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Sony SRS-BTM30 Bluetooth Speakers Review

Key Specifications

  • Review Price: £74.99

Nobody likes being subjected to other people’s music on a hot summer’s day when they’re out trying to enjoy a picnic. Whether it’s youths with music ‘blaring’ from the tinny speakers on their mobile phones, crusties playing the acoustic guitar and bongos, or students with portable stereos, there’s nothing worse than having your peace and quiet disturbed.


The only way to fight back is to take your own tunes and drown everyone else’s out. One way to do that is to take a set of speakers out with you and hook them up to an MP3 player. And if they’re a Bluetooth speaker set; that’s even better for your picnic – no wires means you don’t have to leave your MP3 player lying around tethered to the speakers, and there’s also less likelihood of your drink-sodden mates trampling it into the ground or tripping over the cable.


It’s an area of the portable music industry that’s been slowly and steadily growing in recent times, and with many mobile phones now equipped with AD2P-enabled Bluetooth, that looks set to continue. Sony is the latest manufacturer looking to get in on the act, with its SRS-BTM30 speakers joining the likes of Gear4’s Blackbox and Blackbox Mini speakers and Parrot’s Party system.


In the looks stakes, these speakers make a good first impression. Shaped like a small pair of bongos, the SRS-BTM30’s are designed to be stood on their side for on-the-shelf use, or on end for placement on the floor, firing upwards. They draw their power from either the mains or three alkaline or rechargeable AA batteries; and though your mileage away from the mains will vary, Sony’s quoted 10 hours should see you through a couple of long, lazy summer afternoons at least.


There are other sensible design touches, too. Each of the SRS-BTM30’s drivers is covered by a thick, metal grille, protecting it from general abuse, and the speakers are pretty light, too, so you’ll be able to sling them in a bag without too much shoulder strain. The only thing that counts against them in terms of physical design is their bulk. That bongo-style profile means they’re not as slim and baggable as the BlackBox Mini or even the BlackBox, and both of those speakers come with their own case for protection; the SRS-BTM30’s do not.


Another thing that the SRS-BTM30’s don’t do well at is ease-of-use. Now when Bluetooth connectivity is the main selling point of a device you’d think the manufacturer would bend over backwards to make it easy to set up and use, but no, not Sony. One test I always run on Bluetooth speakers when I first get them out of the box is to try to pair them with a mobile phone without referring to the manual. And with the SRS-BTM30’s, I was still there ten minutes later, trying to figure out what to do.

The main problem is that there’s no ‘pair’ button, or even a button with a Bluetooth logo on it. Apart from the on/off button and volume buttons, all you get is a key labelled, obscurely, ‘ID set’. Even if you figure out that this is the pairing button you’ll be hard pushed to work out exactly how to use it. Normally, you’d simply press and hold for a number of seconds, then enter a standard passkey; here you have to first switch the speakers off, then hold the ID set key down for seven seconds before it enters pairing mode.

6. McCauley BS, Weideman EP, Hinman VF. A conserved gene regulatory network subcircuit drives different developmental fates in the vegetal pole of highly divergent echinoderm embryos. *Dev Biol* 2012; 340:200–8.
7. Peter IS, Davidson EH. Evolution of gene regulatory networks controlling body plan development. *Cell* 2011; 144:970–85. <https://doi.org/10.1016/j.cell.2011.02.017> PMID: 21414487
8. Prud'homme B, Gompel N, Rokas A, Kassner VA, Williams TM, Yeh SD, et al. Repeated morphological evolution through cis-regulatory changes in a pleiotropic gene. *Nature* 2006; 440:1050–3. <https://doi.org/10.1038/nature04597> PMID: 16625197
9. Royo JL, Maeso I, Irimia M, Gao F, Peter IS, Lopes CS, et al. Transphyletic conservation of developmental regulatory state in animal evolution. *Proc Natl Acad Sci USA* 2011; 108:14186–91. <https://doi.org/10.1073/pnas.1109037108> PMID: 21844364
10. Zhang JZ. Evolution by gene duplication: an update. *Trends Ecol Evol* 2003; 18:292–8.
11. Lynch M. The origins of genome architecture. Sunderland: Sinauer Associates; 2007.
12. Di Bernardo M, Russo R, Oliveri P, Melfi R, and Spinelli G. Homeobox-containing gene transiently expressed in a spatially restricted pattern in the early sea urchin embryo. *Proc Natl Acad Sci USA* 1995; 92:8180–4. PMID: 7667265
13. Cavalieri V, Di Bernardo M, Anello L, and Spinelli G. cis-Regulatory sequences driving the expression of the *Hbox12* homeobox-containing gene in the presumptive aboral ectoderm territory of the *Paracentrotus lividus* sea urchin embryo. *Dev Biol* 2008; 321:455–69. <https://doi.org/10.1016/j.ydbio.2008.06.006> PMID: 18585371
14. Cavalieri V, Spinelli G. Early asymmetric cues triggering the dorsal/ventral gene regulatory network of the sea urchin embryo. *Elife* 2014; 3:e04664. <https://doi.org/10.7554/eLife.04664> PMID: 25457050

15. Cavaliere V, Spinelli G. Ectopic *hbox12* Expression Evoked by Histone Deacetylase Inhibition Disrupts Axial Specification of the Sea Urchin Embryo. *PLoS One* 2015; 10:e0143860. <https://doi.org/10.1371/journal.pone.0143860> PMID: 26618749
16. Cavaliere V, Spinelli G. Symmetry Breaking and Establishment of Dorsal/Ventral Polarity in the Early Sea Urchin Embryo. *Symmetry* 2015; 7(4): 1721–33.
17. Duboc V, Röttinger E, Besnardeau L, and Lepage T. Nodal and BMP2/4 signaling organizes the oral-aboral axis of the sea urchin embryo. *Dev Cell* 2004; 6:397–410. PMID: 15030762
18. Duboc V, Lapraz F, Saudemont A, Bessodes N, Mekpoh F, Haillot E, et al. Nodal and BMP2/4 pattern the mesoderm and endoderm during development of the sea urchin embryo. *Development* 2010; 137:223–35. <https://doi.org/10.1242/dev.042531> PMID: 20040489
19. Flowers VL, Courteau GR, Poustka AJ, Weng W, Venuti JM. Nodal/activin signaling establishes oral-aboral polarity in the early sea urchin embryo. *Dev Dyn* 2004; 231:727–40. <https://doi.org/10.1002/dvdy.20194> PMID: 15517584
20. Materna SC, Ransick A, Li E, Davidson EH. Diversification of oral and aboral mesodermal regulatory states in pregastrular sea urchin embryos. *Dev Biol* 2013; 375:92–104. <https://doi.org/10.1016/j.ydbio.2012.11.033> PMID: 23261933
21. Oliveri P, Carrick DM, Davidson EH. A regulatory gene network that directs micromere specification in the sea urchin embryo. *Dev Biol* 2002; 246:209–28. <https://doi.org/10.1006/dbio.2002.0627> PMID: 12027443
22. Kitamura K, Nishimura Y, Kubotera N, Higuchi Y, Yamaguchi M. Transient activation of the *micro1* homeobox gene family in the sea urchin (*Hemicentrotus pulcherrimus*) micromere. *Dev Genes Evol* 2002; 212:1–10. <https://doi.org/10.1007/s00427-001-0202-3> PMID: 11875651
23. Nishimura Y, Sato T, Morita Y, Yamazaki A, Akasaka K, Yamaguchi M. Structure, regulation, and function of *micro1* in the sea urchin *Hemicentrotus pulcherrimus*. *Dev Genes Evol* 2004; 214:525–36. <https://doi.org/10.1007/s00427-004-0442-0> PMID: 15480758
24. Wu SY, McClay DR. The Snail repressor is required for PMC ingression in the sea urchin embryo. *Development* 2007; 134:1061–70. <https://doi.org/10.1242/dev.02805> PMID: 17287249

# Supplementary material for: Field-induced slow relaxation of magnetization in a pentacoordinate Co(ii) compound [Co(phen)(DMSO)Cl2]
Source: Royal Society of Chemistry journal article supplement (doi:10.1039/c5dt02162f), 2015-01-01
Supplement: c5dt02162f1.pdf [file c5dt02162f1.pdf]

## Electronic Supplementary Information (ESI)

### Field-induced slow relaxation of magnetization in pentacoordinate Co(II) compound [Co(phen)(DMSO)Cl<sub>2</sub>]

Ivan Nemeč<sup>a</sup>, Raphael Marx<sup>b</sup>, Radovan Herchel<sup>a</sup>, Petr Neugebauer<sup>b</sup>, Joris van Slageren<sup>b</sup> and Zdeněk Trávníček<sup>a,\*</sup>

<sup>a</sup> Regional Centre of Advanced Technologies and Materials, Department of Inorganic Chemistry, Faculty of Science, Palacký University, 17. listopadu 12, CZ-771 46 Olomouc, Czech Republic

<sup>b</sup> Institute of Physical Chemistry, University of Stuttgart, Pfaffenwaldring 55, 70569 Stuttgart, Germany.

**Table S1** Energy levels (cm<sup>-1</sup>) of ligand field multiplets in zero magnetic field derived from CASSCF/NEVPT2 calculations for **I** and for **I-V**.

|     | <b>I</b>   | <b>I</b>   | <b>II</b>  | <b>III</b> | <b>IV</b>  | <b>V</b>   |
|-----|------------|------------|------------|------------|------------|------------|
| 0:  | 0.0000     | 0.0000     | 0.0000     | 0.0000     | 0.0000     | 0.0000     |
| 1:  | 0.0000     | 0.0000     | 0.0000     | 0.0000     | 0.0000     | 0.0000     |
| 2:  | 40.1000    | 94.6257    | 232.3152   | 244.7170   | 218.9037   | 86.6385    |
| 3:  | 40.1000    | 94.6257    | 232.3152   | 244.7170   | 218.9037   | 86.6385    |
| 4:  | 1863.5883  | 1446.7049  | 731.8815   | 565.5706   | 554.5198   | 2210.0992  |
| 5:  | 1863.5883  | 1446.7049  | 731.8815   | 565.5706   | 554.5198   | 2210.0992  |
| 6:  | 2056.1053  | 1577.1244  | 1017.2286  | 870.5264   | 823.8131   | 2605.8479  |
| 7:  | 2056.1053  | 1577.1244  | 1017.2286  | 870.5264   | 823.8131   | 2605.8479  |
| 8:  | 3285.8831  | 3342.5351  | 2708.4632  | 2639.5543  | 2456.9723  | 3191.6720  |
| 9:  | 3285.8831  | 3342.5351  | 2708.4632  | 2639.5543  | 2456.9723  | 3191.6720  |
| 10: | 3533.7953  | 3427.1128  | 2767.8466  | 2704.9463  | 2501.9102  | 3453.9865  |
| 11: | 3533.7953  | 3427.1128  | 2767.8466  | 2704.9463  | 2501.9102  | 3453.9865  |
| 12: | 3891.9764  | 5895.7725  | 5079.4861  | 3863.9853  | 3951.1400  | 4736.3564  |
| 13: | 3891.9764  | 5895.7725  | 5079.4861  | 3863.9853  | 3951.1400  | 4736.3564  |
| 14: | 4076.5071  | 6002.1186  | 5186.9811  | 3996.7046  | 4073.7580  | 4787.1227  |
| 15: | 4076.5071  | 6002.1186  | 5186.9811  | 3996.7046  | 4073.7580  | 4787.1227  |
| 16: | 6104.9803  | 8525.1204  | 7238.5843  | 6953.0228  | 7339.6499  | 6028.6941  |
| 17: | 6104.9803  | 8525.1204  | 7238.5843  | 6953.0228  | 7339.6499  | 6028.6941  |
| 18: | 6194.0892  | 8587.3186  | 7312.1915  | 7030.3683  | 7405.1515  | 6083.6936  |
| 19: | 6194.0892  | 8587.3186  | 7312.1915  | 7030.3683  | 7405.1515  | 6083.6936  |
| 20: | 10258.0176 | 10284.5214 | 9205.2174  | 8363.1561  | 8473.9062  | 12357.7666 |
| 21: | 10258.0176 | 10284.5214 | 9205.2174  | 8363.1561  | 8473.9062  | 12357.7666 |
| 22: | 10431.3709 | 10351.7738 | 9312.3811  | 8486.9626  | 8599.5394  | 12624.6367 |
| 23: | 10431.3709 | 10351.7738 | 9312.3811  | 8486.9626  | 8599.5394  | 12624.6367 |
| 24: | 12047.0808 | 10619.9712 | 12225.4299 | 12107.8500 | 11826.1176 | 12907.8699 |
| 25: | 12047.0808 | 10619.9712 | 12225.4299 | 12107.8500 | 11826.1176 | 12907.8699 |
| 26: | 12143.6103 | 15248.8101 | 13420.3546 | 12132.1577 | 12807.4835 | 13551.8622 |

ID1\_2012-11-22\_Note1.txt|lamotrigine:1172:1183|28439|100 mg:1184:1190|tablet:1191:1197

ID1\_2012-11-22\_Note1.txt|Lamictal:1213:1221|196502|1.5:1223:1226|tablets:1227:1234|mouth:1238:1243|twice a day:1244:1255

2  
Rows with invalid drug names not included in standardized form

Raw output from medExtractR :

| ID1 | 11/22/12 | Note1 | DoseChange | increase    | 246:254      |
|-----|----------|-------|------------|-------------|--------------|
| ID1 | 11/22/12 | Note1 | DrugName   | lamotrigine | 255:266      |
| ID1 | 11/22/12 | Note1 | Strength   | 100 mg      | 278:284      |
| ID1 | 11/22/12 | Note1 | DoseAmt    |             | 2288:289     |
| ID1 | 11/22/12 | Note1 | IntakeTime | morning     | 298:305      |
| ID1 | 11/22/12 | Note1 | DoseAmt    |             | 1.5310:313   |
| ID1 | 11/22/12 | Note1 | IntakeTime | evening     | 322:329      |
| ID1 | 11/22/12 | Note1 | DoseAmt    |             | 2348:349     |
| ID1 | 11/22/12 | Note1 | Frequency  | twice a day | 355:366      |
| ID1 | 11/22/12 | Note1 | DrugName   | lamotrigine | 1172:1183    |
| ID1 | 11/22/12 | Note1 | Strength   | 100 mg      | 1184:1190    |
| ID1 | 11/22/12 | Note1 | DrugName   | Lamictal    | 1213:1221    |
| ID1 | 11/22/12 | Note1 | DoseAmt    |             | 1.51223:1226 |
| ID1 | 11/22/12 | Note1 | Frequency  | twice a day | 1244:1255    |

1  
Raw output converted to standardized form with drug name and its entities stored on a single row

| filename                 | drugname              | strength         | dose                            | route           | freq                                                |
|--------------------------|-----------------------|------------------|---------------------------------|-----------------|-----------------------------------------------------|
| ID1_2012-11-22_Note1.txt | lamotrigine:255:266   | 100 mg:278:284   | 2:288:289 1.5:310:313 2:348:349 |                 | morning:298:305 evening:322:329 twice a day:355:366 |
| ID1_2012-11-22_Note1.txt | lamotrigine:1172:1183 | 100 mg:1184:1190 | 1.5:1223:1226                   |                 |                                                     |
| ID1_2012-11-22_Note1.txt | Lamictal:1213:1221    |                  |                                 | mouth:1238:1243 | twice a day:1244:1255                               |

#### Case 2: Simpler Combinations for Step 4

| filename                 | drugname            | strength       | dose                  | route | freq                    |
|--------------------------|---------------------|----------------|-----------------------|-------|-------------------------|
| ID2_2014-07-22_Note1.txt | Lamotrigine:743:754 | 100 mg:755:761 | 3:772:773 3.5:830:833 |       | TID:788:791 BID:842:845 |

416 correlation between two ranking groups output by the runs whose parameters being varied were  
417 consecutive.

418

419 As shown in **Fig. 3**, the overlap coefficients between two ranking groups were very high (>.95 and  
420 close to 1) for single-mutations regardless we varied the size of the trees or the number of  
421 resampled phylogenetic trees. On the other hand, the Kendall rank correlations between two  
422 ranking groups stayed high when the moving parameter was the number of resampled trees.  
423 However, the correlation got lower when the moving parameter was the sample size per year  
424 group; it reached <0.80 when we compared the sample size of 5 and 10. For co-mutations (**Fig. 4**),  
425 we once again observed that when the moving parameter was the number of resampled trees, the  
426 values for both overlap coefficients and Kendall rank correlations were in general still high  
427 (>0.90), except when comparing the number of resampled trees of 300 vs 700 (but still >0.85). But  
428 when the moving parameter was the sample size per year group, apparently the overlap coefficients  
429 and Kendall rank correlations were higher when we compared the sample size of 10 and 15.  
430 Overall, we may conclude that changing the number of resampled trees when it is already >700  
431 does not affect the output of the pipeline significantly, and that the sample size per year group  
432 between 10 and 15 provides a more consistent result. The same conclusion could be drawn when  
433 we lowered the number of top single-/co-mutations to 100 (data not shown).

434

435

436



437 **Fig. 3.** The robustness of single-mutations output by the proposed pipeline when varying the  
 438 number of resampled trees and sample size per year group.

It’s bad enough that Bluetooth is so darned un-user friendly to begin with, but this is just plain barmy; why manufacturers can’t simply label such buttons sensibly, I’ll never know. And it’s surely not beyond the wit of man to put simple instructions on a label somewhere discreet either: ”Turn off device. Press and hold for seven seconds until lights flash to pair with a new device. Enter 0000 on your MP3/player/phone if it asks for a passkey”, wouldn’t exactly take up much space.


With the significant hurdle that is pairing dealt with, you’ve got to contend with the SRS-BTM30’s rather average Bluetooth reception. I tried pairing it with three different mobiles and a laptop with Bluetooth built in and at a mere two metres distance I had dropouts with each and every device. If you put your body in the way it gets worse and annoyingly, once you experience a gap in the music, the speakers then speed the music up in an attempt to catch up with the player instead of just rejoining the track at a later stage. There is at least a 3.5mm audio input jack on the rear – for when you get frustrated with the reception.


Unfortunately sound quality doesn’t remedy any of this either. The SRS-BTM30’s output may be clear and well-balanced, and at moderate volumes it actually sounds pretty good – they’re much better than the Gear4 BlackBox in Bluetooth mode, for instance. But the 3W per channel output just can’t cope when you pump the volume right up: they first start to buzz and then distort rather disturbingly. Reaching top volume is categorically out of the question. On the flip side, there’s also no mute button anywhere on the speakers. Instead, you have to simply turn off the unit if you want a moment of quiet, but this then requires you to repeat the pairing process with your player once you turn the speakers back on again.


”’Verdict”’


All-in-all Sony’s attempt at producing a decent Bluetooth speaker system is a big disappointment. They’re not easy to set up and use, sound quality is distinctly average at loud volume and Bluetooth reception is also nothing to write home about. You might be able to forgive all this if they were cheap, but here you’re in for yet another disappointment: at £75 the SRS-BTM30s are expensive and definitely not worth the price.

Trusted Score


Score in detail

  • Value 5
  • Features 6

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